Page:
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A Talk with MikeUnion Jeffers on the Resurrection of Despair, Union and Playing with Integrity

(EDITOR’S NOTE — On Dec. 30, a sold-out hardcore blowout will go down at the Rec Room featuring Despair and Union, each of whom will be reuniting for the first time in more than 25 years. They will share the stage with hardcore band, Integrity (Relapse Records). The show was the brainchild of Buffalo hardcore legend Scott Vogel — founding member of Terror, Bad Blood, and former member of Despair, Slugfest, Buried Alive and World Be Free. Scott broached the idea to MikeUnion Jeffers, a Buffalo hardcore drummer and institution unto himself, whose bands besides Union include Juggernaut, GOA, Wrong the Oppressor, Herod, Longest War, Dead to the World, Face the Panic, and Area Denial. Recently, Mike was generous enough to sit down and speak at length with 1120 Press about the upcoming Rec Room show and reuniting with the band that was spawned during his days as a college student in Buffalo during the mid-90s. Other members of Union include Vic Lazar (guitar), Ben Kumpf (Bass), Rob Antonucci (guitar), Scott Sprigg (guitar), and Keith Brown (vocals). Please read our interview with Mike below.)


1120 PRESS: Thank you for speaking with us. So, the Dec. 30 show at the Rec Room — Despair and Union are both reuniting after 25 years. It’s kind of wild and the response to this show with Integrity — which also features Holdout, Smash N’ Grab and Selfish Act – has been amazing. How did this all come about?  


MIKEUNION JEFFERS: It was all Scott Vogel. Back 25 or 30 years ago, Despair and Union would always play shows together and tour together. We went to college together. Even after the bands had broken up, Matt and Bryan from Despair played in a band with me and Rob from Union and Chris from Chokehold, and we’d always cross paths with Scott whether it was going to see Terror, or my old band, Face the Panic, with his brother, Jay.


We toured with Terror back in 2008. We’ve always been in close contact with one another, but it never came up about the possibility of doing some sort of reunion. Over the summer, Scott brought it up to me when Juggernaut played with Hoods and asked if I’d be interested. And I wasn’t.


1120: Why?


MJ: Well, because that was 25/30 years ago. I never stopped playing in bands. I’m always just pushing forward.


But for like a month, or month-and-a-half, I thought about it and then I told Scott, ‘You know; I’ll do it.’ And he said, ‘Good, because it’s not about you.’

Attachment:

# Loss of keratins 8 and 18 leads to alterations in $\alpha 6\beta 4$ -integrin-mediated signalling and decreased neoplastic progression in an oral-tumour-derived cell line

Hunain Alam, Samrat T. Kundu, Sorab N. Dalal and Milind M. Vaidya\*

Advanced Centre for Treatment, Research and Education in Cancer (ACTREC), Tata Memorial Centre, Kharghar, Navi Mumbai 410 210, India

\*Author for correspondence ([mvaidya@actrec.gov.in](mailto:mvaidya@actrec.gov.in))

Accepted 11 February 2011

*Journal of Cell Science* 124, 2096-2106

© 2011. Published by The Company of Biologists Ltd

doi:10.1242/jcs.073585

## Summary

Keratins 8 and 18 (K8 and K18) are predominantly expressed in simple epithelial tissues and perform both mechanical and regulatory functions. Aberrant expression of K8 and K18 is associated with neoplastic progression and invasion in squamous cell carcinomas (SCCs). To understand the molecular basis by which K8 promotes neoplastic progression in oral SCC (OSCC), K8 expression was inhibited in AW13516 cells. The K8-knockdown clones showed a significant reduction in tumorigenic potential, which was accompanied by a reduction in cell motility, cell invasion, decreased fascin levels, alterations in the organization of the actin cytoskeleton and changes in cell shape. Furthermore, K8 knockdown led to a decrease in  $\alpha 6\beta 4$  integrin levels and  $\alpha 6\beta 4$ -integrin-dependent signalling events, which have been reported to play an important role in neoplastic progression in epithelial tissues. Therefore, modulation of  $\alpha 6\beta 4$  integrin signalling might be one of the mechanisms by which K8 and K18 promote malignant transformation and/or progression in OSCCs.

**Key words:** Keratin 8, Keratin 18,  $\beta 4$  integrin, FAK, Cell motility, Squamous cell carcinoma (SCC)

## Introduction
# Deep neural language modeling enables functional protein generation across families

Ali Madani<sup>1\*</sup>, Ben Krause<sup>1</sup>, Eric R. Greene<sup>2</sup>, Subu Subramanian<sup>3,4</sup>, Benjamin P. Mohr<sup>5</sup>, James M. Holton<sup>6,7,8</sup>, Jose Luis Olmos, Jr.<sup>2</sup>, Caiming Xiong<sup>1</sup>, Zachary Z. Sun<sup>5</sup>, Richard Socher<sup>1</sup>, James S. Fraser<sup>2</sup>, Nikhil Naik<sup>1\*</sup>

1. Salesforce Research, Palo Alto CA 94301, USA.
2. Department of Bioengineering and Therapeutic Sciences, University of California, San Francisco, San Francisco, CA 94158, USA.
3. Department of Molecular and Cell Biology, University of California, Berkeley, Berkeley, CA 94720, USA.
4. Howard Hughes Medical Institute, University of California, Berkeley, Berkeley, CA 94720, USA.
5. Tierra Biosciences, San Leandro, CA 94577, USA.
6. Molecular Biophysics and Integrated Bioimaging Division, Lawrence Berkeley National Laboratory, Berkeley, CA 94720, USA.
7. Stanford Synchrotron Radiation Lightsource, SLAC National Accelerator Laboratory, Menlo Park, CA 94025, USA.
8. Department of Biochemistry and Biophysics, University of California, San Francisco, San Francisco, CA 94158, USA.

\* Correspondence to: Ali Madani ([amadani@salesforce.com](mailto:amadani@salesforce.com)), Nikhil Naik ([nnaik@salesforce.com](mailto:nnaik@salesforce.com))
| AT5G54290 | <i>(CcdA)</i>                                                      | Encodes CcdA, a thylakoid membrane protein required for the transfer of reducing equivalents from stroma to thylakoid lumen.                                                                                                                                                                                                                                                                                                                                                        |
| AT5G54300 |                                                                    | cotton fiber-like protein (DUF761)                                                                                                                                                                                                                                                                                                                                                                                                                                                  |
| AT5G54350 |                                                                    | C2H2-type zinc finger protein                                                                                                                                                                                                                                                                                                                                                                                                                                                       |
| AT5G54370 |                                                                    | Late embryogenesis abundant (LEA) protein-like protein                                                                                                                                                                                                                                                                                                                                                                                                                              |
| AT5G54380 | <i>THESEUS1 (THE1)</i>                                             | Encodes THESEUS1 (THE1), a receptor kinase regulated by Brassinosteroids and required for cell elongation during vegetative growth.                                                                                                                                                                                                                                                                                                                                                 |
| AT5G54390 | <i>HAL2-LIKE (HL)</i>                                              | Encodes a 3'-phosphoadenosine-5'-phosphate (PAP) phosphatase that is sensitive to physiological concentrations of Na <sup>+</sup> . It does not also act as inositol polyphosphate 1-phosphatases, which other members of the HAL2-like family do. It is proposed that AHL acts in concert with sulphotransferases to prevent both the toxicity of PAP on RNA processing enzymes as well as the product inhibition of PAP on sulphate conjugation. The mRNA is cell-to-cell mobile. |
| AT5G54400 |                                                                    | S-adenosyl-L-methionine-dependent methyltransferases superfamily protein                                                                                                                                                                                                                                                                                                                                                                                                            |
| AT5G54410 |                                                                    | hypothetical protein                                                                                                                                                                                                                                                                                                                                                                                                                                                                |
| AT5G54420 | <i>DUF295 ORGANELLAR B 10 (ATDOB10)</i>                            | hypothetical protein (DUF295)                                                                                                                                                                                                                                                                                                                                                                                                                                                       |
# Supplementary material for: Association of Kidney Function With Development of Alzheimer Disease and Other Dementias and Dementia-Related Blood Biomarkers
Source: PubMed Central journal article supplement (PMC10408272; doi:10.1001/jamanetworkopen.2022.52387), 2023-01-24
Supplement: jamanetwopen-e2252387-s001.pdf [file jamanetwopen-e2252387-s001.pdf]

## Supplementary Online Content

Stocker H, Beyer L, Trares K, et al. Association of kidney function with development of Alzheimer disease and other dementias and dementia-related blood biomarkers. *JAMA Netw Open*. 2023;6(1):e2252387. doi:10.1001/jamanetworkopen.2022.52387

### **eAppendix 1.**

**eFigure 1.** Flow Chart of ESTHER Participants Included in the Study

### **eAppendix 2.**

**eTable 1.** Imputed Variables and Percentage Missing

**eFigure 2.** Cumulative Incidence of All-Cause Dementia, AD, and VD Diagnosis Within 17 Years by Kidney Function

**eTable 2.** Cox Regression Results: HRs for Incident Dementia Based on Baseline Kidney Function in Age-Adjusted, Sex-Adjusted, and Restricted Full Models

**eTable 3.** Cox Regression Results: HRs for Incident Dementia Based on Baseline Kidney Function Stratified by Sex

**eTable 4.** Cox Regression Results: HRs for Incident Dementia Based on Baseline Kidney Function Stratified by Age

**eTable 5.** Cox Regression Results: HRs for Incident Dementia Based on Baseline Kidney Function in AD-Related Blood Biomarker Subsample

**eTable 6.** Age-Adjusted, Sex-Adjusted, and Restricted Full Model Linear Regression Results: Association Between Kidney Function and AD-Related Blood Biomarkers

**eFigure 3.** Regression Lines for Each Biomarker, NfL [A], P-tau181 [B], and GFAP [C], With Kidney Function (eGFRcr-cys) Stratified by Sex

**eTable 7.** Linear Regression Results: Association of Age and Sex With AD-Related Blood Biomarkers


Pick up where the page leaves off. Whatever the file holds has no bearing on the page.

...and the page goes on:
And you know, he was right. It’s not. There’s a lot of people who want to see it. And Integrity was a band we toured with all the time, and we’re friends with and it just sort of made sense to do it now because all of us are hitting that 50-year-old mark and who knows if we waited any longer if all of us would still be around? Not to sound morbid, but... One thing with COVID, a lot of friends of ours just started dropping.


The hardest part to this was people have moved all over the place…. So, logistically, it’s a pain in the ass, but when are we going to be in a situation again where we all agree to do this, and with Integrity (on the bill, too)?

So, it’s like a perfect snapshot of not just the Buffalo hardcore scene in 1995, but the

Northeast and Midwest hardcore scene at that time. Chris Ring (of the Rec Room) is our buddy. He wants to do it at his venue, and we’ve always been the type of bands where we record with our friends, we have friends do artwork for our records, and we want to play a club that is owned by our friend and who understands what this is all about and knows how to run the show properly.


1120: So, the time was right to do this, but was there an overarching reason to want to do this kind of show?


MJ: Hardcore in the mid-90s wasn’t as big as it is today and there are so many bands now. If kids want to know the history of this town, and why they have a scene, and why it’s still here — that’s not easy to find.


Scott’s definitely into the history of Buffalo hardcore, and all of us, I think, feel Buffalo hardcore never got a shot the way bigger cities did. So, I think it’s just a way to let these younger kids know that ‘Hey man, this scene was great and you’re making it great again. Let’s let the world know about the history of this place, and the younger generation and older generation can co-exist and play together.’


I’m a history teacher by trade and I’ve always enjoyed the history of Buffalo hardcore because I didn’t grow up here… I like finding out about all these bands that we’re around.


1120: What do you make of the response? This show has sold out.


MJ: I never expected it. I never expect anything positive at all. Buffalo is one of those places where on a Tuesday night at the Tudor Lounge you can have five people, and then on Tuesday night a week later there could be 400 people. You go to a straightedge show and there’s 20 kids, and then a week later there’s hundreds of kids. You just never know, and I never want to get my hopes up. But, yeah, it’s pretty cool.


Nineties hardcore is popular again. There’s a lot of young bands too. Magnitude was just here, and they sound like a mid-90s hardcore band. Selfish Act sounds like a mid-90s hardcore band. I think people are appreciating it more than they did 10 years ago, which is cool.


1120: How were the younger bands picked for the bill?


MJ: Well, Smash-n-Grab, the kids in that band do a lot for the scene. They book a lot of shows, they play in other bands, they run fanzines.


Selfish Act, Griffin (guitar) also plays in GOA with me. His parents are friends of mine and I’ve known him since he was born. And Selfish Act as a whole, those guys are at every single show in Buffalo, and they mosh for every show:  they are the Mobile Mosh Unit.